The Defibulators Push Ahead with Punk-Filled Twang
Bug Jennings runs through a list of phrases that have been used to describe his alt-country outfit, The Defibulators.
“There was ‘Hee-Haw on mescaline,’ and ‘Carter Family-meets-Ramones,'” the singer-guitarist says by telephone from Brooklyn, N.Y. “Someone called it ‘trucker punk,’ once, which is kind of cool, but maybe with less amphetamines, and there was ‘psychedelic honky tonk.’ … It’s tough because it’s such a hodgepodge of styles. I would just call it classic country, but my cohort Erin Bru always corrects me, because I’m not that good.”
Whatever the genre label, the seven-piece outfit, which features Jennings (vocals, banjo, guitar), Bru (vocals), Chris “Roadblock” Hartway (Telecaster), David Dawda (upright and electric bass), Mike Riddleberger (drums), Metalbelly (washboards, harmonic, percussion) and Smitty The Giant Fiddler (take a guess), specializes in rowdy, punk-fueled twang with plenty of nods to George Jones and Buck Owens.
The band was formed quickly back in 2005, which might explain why they’ve misspelled their own name.
“It happened quickly because we got the band together on a whim,” Jennings says. “We had a friend playing a punk show and he wanted us to get a band together and open for him in a week. I knew Erin and I was working at a barbecue restaurant with Roadblock. We did it just for fun and suddenly it became a real thing.”
Although Jennings grew up in Texas, he wasn’t exposed to classic country music until he sought it out in New York.
“It was the ’80s and all you heard was Nashville pop, and that did not appeal to me at all,” Jennings says. “I was more interested in punk back in high school, and when I moved to New York, I started to discover classic country music like Buck Owens and George Jones and Hank Williams, which is unfortunately something I was never exposed to in Texas. I got really excited about it, but there wasn’t a lot of country here. This was pre-Mumford & Sons. And I wanted to bring it to people.”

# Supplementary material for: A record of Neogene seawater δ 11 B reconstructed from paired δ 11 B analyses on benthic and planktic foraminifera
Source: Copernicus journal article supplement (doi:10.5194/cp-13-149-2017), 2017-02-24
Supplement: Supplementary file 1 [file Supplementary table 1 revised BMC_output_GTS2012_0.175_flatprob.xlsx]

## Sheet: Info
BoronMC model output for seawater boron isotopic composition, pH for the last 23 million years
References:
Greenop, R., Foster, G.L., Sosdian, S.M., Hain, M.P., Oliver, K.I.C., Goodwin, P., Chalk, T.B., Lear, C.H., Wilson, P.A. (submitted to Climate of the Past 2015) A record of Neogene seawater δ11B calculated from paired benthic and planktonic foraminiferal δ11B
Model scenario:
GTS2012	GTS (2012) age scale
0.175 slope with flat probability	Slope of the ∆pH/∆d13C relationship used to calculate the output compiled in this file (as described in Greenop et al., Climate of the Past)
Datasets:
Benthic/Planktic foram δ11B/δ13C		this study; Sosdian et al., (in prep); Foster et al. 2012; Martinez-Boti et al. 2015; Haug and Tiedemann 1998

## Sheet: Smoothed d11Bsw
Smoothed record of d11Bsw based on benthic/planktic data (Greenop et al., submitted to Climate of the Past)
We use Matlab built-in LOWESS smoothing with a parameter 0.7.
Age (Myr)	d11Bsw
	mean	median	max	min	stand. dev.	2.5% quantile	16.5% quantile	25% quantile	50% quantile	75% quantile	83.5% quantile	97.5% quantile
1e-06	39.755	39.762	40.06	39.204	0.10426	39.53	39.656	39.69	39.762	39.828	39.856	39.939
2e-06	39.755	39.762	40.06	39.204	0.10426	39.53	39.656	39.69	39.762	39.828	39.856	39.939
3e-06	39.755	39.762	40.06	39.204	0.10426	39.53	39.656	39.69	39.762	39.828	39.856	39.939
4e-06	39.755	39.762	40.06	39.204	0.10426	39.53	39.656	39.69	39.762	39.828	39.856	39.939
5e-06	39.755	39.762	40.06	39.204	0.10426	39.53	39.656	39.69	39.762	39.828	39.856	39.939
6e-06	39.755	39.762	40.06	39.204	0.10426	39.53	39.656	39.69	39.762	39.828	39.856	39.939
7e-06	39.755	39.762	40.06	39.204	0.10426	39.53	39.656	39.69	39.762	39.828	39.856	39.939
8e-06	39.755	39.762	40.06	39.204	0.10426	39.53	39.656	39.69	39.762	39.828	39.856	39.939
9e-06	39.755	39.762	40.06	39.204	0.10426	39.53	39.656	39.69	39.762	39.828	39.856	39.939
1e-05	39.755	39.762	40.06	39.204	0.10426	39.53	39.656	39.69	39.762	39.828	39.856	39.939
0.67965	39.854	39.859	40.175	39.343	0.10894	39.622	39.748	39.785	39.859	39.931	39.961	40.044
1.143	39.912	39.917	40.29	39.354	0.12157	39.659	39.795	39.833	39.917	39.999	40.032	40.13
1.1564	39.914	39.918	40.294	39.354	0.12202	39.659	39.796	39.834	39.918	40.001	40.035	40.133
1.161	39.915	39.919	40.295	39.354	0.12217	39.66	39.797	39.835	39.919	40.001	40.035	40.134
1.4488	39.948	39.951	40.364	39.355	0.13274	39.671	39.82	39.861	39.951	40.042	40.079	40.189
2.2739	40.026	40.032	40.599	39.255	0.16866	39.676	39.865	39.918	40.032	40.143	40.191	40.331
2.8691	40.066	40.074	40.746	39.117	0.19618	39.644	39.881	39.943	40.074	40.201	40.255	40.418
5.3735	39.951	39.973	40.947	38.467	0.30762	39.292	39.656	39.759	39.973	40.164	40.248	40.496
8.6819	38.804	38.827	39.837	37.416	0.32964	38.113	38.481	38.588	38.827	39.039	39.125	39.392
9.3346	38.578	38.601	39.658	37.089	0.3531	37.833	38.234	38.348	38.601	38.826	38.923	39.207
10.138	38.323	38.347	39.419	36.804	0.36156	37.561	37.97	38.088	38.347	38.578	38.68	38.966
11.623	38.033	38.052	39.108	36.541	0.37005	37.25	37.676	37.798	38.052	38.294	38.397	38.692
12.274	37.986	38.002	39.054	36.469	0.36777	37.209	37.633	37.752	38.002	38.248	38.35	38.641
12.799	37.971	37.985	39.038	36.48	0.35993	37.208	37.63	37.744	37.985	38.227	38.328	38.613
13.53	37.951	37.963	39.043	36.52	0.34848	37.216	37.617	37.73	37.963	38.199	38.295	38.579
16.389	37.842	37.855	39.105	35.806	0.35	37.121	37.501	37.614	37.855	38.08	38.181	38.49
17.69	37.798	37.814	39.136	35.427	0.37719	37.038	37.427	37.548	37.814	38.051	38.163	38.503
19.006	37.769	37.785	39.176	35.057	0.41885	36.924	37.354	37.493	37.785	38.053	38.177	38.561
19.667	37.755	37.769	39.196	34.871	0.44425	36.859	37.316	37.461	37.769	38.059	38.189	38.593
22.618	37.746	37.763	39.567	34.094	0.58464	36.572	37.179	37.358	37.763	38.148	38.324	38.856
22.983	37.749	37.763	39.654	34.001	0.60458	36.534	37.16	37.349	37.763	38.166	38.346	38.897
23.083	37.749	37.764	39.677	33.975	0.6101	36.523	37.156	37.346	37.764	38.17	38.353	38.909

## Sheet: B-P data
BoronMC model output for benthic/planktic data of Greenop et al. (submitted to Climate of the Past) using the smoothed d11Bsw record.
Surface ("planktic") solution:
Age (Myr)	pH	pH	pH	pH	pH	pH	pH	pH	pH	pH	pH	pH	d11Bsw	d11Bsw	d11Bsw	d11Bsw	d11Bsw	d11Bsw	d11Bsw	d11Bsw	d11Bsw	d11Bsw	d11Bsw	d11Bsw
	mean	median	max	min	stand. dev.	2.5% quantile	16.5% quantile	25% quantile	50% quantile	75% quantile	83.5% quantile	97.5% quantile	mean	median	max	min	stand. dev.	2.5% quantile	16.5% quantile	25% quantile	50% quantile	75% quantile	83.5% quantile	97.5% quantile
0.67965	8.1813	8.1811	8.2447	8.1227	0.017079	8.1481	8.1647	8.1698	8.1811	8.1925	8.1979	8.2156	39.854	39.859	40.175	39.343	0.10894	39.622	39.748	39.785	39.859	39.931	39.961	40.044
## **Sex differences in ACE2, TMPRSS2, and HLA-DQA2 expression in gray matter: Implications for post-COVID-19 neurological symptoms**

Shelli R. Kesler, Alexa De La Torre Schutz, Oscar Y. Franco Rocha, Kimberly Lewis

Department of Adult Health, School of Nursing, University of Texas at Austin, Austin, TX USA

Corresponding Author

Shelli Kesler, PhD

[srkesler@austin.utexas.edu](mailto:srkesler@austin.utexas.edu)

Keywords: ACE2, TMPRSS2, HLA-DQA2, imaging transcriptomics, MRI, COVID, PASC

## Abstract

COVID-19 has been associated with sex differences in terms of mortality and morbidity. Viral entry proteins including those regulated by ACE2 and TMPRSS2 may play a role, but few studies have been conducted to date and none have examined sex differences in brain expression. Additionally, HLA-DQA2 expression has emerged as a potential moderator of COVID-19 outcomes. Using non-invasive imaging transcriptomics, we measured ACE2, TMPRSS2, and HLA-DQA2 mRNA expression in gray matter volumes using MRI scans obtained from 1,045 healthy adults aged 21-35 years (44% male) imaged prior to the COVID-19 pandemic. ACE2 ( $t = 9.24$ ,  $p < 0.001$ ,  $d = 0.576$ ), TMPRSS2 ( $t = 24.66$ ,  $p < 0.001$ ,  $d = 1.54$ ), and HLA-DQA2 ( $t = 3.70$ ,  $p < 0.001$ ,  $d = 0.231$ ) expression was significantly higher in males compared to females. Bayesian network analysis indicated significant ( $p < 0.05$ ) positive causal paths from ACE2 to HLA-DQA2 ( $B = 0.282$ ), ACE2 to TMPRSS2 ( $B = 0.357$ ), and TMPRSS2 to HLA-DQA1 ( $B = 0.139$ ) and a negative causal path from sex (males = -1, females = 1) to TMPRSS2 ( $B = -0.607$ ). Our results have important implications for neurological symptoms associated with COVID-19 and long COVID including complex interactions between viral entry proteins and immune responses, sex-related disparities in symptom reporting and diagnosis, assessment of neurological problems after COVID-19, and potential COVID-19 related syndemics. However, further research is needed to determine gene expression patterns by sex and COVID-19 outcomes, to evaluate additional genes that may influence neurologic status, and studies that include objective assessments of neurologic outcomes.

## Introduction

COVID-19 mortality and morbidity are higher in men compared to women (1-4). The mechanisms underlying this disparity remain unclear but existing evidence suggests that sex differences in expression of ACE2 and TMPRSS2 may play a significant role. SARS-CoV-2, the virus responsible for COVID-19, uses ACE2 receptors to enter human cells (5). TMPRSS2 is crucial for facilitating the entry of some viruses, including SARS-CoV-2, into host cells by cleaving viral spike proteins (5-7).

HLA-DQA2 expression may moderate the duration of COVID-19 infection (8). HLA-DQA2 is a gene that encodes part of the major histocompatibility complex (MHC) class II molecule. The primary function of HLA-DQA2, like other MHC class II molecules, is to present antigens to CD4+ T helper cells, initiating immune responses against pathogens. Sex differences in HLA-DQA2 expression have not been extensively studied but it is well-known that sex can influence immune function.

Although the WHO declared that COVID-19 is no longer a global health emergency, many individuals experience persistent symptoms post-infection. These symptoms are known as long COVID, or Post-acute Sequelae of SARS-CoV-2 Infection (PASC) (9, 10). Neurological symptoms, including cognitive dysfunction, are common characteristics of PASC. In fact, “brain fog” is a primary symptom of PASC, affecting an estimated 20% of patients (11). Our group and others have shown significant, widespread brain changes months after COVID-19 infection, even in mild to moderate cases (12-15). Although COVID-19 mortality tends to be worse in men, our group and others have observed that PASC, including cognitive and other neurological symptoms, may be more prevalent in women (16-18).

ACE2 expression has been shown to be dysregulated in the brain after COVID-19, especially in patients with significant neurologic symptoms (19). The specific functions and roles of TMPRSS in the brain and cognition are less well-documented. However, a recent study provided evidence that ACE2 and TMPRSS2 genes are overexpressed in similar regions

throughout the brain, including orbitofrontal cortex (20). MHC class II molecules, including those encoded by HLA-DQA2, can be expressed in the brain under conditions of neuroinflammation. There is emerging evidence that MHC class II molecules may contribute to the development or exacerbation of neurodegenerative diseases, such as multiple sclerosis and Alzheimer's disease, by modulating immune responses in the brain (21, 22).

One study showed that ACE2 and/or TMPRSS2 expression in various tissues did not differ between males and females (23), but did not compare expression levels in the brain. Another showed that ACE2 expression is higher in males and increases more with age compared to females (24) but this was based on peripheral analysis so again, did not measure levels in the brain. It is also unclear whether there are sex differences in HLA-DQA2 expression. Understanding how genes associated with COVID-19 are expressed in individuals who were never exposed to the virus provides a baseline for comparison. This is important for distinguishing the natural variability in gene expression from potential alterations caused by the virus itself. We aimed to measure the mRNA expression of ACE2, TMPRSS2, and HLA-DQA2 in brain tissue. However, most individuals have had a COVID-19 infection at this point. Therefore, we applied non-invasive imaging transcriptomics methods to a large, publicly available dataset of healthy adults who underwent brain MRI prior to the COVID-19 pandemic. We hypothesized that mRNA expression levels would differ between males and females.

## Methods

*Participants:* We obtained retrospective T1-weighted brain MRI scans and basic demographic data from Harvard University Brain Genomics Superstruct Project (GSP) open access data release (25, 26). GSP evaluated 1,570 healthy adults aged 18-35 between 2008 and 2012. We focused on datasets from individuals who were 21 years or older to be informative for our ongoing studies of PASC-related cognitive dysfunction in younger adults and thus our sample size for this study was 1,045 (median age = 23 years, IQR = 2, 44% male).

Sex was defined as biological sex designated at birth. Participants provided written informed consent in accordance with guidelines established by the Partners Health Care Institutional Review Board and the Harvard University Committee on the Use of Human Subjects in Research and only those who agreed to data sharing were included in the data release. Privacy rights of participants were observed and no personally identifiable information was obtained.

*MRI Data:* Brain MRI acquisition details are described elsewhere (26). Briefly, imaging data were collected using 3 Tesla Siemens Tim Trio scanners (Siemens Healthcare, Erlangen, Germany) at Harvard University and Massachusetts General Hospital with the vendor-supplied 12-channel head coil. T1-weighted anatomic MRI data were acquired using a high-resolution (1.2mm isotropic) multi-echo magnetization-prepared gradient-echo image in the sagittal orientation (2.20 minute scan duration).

Jennings absorbed everything from classic country and bluegrass to Western swing and rockabilly, which played out on stage in the now-defunct New York honky-tonk, Rodeo Bar.
“Our style came out of trying to study a lot of forms of country music,” Jennings says. “Our style is a blend of a bunch of different genres but we’ve really honed in on the shuffles and walking bass lines of Buck Owens.”
The band’s latest album, Debt’ll Get’em, showcases plenty of reverence for classic country, but as an outfit that began by filling sets with Black Flag covers, The Defibulators can’t help but exude an underlying edge.
An example of that is the biting, swamp funk-inspired tune, “Everybody’s Got a Banjo,” which pokes fun at the hipsterization of Americana with the lyric “If you don’t know how to play it / well it still looks cool.”
“It’s about the banjo renaissance that’s happened recently,” Jennings says. “No one wanted to have anything to do with the banjo for years except for bluegrass dudes. Now we’re seeing it pop up in GAP ads and models are carrying it on the runway. Did you know in Robin Thicke’s ‘Blurred Lines’ video the topless dancer is holding a banjo? It’s like, c’mon, have some respect! You know what I found gratuitous about that video? The banjo use.”
Other highlights are the gospel-tinged “Holy Rollers,” boozy heartbreak tale, “Real Slow” and “Pay For That Money,” a pedal steel and fiddle lament about debt.
“My initial idea was to make a country-gospel record and ‘Holy Roller’ was going to be a keystone for all the songs to revolve around,” Jennings says. “But gospel took a back seat to debt. We live in New York City and money is a huge burden for everybody. We took that theme and ran with it. We figured there aren’t enough country songs about credit card debt.”
When asked about the band’s recent set list Jennings proudly proclaims “we’re playing every song off our last record. We also throw in some George Jones, and some classic country surprises – it’s a whole lot of country.”
Just don’t ask him how to describe The Defibulators own brand of what that might be.
“Maybe we should call it bipolar hillbilly,” Jennings adds. “I just came up with that, but we do have a lot of highs and lows in our music. We go from slow country ballads then we’ll flip and do four-on-the-floor heavy hoedown stuff. Bipolar hillbilly. That’s not bad. I might use that.”
A version of this article originally appeared in The Herald-Palladium newspaper of Southwest Michigan.